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The Kuomboka – a Pageant of Zambian Culture

The Kuomboka – a Pageant of Zambian Culture

Kuomboka
Kuomboka
Tom Varley

Now that the waters of the Zambezi River have started swelling, the Barotse Flood Plain will soon be engulfed, giving it the appearance of a lake which it may once have been. The plain is flooded every year forcing residents to move with their animals to higher ground.

The people of Western Province have relocated themselves as dictated by the floods since time immemorial. Each family has two homes, the main home on the plain and a temporary one on higher land at the edge of the plain. The movement between these two homes is known as Kuomboka when moving from the floods, and Kufuluhela when returning.

The Kuomboka pageant, as we know it today, is centred on the Nalikwanda, a name for the state barge of the Litunga, or paramount chief. It is the symbol of unity of the people of Western Province and each ethnic group in the province provides a significant contribution to its making.
The Nalikwanda is the barge in which the Litunga travels with his entire chiefly assemblage of drummers and attendants. Its movement denotes the movement of state. It is usually accompanied by other barges which include the Notila, the barge the Litunga uses when touring his kingdom; the Mbolyanga, Njemenwa, and Namaongo, which are the barges that carry the Litunga’s wives, respectively called the  Mooyo, Malena and Mooli-Mbumba, in order of seniority. Since the present Litunga, Lubosi Imwiko, has only one wife, the Mooyo, he is accompanied by only the Mbolyanga barge.

Other barges are the Matende and Namandimbwe which carry the royal property and the kitchen utensils and staff respectively. The royal barges are followed by non-royal barges starting with the Nalikena, the Ngambela’s barge, followed by the Sabelele, the Queen mother’s barge. She is called the Mukwae Ngula. These official barges are followed by hundreds of canoes belonging to ordinary individuals who choose to be part of the royal escort.
It is not clear when Kuomboka started but it is generally agreed that the pattern of movement we see today was started by King Mulambwa Santulu more than 200 years ago. He built bigger canoes for the procession, as protocol demanded. His move signalled the time to leave the plain and his subjects came together to escort him to higher ground. The capital was not then fixed in one place; about 1793 it was at Namuso (Lilundu) on the banks of the Zambezi and he moved to the high water camp (Mafulo) at Milinga (present day Blue Gums) in Mongu along the Kanyonyo stream.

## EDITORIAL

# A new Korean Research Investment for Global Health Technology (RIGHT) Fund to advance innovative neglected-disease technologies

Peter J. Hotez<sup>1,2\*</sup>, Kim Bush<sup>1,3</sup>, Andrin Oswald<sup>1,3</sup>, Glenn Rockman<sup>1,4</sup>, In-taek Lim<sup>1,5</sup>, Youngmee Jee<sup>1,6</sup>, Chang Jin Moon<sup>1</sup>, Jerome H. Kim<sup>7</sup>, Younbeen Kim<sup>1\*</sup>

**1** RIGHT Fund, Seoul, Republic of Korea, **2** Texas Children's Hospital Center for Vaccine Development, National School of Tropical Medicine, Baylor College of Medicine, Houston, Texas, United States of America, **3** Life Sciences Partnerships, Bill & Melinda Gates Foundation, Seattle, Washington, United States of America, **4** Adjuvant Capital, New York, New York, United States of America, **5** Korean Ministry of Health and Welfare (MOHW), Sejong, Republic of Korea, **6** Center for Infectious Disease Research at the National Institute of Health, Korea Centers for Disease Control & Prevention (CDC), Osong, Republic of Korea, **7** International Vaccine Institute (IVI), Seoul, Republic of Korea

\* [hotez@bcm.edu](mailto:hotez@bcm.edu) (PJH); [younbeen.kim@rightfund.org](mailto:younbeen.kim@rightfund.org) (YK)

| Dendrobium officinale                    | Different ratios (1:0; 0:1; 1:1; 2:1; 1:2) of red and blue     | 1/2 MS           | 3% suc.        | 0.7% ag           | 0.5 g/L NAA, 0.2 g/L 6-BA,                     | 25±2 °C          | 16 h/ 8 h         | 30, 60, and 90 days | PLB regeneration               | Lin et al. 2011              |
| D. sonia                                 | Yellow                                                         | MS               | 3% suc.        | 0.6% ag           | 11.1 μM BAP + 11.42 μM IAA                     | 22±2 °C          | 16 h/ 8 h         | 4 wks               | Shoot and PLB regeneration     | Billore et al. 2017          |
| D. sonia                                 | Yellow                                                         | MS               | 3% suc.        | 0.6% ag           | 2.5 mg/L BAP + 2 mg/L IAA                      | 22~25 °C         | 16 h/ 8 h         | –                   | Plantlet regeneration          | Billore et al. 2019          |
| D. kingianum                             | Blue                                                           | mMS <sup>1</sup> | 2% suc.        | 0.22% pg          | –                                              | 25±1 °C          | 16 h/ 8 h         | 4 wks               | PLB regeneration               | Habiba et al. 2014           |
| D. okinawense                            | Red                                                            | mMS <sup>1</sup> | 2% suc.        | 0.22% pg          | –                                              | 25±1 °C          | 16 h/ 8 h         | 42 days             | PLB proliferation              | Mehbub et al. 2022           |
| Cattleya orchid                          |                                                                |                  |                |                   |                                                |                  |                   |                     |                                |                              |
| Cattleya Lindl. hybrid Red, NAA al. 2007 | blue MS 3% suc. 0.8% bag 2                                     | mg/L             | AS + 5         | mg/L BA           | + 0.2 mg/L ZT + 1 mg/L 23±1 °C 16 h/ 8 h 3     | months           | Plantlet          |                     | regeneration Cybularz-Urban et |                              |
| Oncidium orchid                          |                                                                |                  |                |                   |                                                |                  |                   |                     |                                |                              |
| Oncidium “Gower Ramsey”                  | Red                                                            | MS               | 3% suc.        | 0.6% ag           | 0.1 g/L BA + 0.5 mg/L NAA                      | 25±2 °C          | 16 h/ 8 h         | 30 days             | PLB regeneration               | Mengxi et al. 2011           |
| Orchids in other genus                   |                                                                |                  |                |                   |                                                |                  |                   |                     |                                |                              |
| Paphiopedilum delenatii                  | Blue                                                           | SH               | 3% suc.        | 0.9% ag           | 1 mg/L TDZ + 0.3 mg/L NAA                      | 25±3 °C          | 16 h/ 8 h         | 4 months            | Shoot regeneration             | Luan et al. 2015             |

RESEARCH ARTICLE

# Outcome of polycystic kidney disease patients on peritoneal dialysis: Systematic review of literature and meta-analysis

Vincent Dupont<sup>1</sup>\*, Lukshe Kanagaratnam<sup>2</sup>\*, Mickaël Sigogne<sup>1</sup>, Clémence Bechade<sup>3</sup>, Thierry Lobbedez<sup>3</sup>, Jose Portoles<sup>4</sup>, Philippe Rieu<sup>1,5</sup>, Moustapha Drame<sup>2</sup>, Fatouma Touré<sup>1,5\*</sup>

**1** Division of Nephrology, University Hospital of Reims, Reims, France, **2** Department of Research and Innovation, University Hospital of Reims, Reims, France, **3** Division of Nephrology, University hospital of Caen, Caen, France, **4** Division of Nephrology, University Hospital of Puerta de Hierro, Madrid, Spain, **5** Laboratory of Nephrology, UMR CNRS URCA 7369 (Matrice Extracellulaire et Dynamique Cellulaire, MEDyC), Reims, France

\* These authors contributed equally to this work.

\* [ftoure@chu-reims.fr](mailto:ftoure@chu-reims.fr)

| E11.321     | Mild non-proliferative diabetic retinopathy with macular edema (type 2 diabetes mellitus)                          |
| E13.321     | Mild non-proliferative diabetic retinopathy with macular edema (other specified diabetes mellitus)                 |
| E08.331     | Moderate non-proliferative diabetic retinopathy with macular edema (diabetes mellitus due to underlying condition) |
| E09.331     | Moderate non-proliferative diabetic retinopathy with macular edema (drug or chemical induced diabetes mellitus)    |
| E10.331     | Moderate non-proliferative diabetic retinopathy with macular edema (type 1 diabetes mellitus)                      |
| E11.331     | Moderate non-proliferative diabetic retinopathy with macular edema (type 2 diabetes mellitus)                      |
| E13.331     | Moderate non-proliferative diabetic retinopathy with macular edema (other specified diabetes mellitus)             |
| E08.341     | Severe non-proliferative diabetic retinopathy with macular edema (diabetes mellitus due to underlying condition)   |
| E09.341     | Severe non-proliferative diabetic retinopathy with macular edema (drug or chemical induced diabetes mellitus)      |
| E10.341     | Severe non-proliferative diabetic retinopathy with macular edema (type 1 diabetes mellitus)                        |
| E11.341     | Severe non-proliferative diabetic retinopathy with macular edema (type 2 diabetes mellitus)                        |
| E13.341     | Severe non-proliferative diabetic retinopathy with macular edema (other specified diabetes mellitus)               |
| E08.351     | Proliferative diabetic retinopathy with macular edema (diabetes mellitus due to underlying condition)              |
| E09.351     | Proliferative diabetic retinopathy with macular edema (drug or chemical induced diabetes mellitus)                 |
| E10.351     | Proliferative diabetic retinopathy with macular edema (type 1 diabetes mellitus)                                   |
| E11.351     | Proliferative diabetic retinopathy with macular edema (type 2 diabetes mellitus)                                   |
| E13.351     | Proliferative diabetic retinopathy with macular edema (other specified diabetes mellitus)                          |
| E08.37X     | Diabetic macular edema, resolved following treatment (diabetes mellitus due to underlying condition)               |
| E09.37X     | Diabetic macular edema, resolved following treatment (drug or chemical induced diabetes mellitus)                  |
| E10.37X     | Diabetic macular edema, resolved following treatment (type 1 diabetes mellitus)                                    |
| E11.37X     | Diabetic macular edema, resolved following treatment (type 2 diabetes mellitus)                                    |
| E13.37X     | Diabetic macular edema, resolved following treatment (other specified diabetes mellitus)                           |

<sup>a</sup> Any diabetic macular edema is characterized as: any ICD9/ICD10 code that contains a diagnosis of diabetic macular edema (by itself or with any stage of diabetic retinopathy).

After Mulambwa’s reign came the invasion of the Kololo who ruled Bulozi for a period of about three decades. During this period, the ceremony was lost. Efforts to revive the Kuomboka came after the overthrow of the Kololo by Sipopa in 1864. Sipopa, like the Lozi Kings before him, had several capitals including Nalilele on the banks of the Zambezi. His Mafulo or summer capital was first at Mabili north-east of Mongu and later at Malundano in Makuku where one of the early traders, Elis, died during his visit to the chief.

Sipopa later established Lyalui (written Leyalui or Lealui), which means ‘for the people,’ to be his capital though he never really lived in it as he had to move to Sesheke where there was insurrection and he later died there. 

Sipopa’s successor, Lewanika, inherited Lyalui as his capital and had his Mafulo at Lubaci near Limulunga. He improved the Royal Barge, the Nalikwanda, to the form it is today.  Subsequently, the reigning Litungas after Lewanika have maintained Lealui as the capital. 
Yeta who followed Lewanika moved the summer capital from Lubaci to Limulunga, which means ‘rumours or unfounded stories,’ in 1930. From that time Limulunga became the summer capital of the Litunga. The Kuomboka became the more formalized pageant that we celebrate today, in the reign of Lubosi Lewanika.

This year once again, the Litunga, Lubosi Imwiko, will be moving from Lealui to Limulunga most likely at the end of March or early April. Like his predecessors, he may start the journey dressed in his Siziba, the traditional Lozi attire for men and appear in Limulunga clad in his admiral’s uniform. The uniform which has now been taken as his official dress on state occasions like the Kuomboka was first presented by the British king to Lewanika in 1902 on his visit to England. Since then, this uniform has been used by all subsequent Litungas during Kuomboka pageants.

Today, the Kuomboka is one of the most significant traditional ceremonies in the country, attracting visitors from all over the world. Over the years the attendance at the ceremony has grown tremendously, attracting large crowds. Last year the turn out, though not the highest, was estimated at about 15,000 people.

For those who would like to travel to the Kuomboka ceremony, Mongu the provincial capital of Western Province where it takes place is reachable by all weather roads from Lusaka or Livingstone. It is approximately 520 kms from Livingstone and 612 kms from Lusaka. Or catch a bus from Lusaka into Mongu or Livingstone to Mongu through Sesheke and Senanga.

Read more about the Kuomboka from the Zambezi Traveller:
Zambia’s waterborne pageant (ZT, Issue 13, June 2013)
History of the Litunga uniform (ZT, Issue 13, June 2013)

Read more articles from this issue:
Zambezi Traveller (Issue 08, March 2012)